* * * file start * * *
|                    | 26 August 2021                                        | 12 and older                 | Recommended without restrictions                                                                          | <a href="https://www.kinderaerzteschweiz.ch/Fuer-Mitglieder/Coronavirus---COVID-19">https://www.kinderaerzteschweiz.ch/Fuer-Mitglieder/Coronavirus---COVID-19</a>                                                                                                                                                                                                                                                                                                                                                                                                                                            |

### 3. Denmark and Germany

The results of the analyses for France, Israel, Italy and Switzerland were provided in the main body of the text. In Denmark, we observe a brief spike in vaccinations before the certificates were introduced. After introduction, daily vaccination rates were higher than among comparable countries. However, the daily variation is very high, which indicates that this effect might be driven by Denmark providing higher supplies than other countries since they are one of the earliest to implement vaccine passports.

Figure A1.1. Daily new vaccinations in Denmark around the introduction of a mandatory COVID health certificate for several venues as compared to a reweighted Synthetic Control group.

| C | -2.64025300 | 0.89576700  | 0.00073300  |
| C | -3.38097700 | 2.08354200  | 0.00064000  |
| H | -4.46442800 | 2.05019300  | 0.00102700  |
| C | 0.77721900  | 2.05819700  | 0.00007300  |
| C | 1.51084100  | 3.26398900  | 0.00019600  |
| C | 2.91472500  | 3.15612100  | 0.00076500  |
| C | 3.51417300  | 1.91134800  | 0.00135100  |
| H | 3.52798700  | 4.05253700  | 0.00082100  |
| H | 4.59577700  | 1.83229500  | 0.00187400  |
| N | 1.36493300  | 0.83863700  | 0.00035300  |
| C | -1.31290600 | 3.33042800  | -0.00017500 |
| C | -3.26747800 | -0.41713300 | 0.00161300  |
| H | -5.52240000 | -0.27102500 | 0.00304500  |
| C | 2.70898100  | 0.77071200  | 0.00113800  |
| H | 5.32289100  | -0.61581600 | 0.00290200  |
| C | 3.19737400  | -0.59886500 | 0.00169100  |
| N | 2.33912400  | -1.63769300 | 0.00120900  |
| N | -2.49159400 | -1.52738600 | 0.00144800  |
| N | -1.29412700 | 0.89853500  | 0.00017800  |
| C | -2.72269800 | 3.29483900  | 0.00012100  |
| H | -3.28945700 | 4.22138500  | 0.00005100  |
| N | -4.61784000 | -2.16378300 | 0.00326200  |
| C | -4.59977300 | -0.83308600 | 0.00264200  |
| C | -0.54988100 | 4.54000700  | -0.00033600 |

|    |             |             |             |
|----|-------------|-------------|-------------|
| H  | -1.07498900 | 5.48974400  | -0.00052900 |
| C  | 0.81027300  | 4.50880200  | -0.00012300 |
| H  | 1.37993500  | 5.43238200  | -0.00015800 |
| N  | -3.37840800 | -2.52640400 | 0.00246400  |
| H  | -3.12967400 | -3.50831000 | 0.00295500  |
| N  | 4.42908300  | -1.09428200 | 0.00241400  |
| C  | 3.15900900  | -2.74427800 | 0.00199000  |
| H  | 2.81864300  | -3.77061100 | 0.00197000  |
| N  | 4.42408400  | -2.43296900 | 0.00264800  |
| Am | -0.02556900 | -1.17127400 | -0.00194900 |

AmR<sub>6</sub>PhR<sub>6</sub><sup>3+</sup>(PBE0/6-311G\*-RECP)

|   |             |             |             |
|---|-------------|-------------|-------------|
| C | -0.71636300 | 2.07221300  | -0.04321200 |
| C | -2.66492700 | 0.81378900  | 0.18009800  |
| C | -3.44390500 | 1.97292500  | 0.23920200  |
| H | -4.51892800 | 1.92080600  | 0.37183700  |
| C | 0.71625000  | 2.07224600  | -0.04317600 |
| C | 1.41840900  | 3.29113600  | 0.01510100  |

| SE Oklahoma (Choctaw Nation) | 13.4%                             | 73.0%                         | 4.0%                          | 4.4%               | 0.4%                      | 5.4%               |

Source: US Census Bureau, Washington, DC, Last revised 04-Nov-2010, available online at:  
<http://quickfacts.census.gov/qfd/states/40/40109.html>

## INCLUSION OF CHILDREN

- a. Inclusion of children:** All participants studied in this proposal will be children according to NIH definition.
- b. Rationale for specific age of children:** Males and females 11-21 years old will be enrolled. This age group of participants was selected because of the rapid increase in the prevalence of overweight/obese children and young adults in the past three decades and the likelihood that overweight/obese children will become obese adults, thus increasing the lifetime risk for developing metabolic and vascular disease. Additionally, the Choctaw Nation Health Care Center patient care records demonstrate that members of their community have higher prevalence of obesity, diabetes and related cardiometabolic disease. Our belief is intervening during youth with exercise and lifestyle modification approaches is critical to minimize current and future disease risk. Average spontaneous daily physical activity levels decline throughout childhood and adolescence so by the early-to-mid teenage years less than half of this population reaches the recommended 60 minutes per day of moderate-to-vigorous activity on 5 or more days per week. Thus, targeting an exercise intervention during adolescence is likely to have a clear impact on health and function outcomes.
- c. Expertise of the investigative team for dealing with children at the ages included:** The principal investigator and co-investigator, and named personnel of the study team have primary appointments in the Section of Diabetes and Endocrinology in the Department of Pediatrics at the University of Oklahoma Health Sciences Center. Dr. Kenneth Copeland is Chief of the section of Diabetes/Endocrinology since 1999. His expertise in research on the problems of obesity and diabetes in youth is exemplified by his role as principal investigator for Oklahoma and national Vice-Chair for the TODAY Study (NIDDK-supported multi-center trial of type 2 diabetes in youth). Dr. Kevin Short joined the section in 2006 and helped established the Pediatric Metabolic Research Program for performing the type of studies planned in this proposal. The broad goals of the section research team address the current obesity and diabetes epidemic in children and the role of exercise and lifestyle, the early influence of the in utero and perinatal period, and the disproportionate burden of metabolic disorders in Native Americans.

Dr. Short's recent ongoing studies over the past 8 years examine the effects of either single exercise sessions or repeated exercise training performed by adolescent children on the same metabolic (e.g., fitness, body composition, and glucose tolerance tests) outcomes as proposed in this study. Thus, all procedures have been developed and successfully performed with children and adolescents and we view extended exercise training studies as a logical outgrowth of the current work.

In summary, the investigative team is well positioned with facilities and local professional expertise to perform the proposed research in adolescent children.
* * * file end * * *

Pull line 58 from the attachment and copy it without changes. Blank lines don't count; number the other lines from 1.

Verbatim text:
In summary, the investigative team is well positioned with facilities and local professional expertise to perform the proposed research in adolescent children.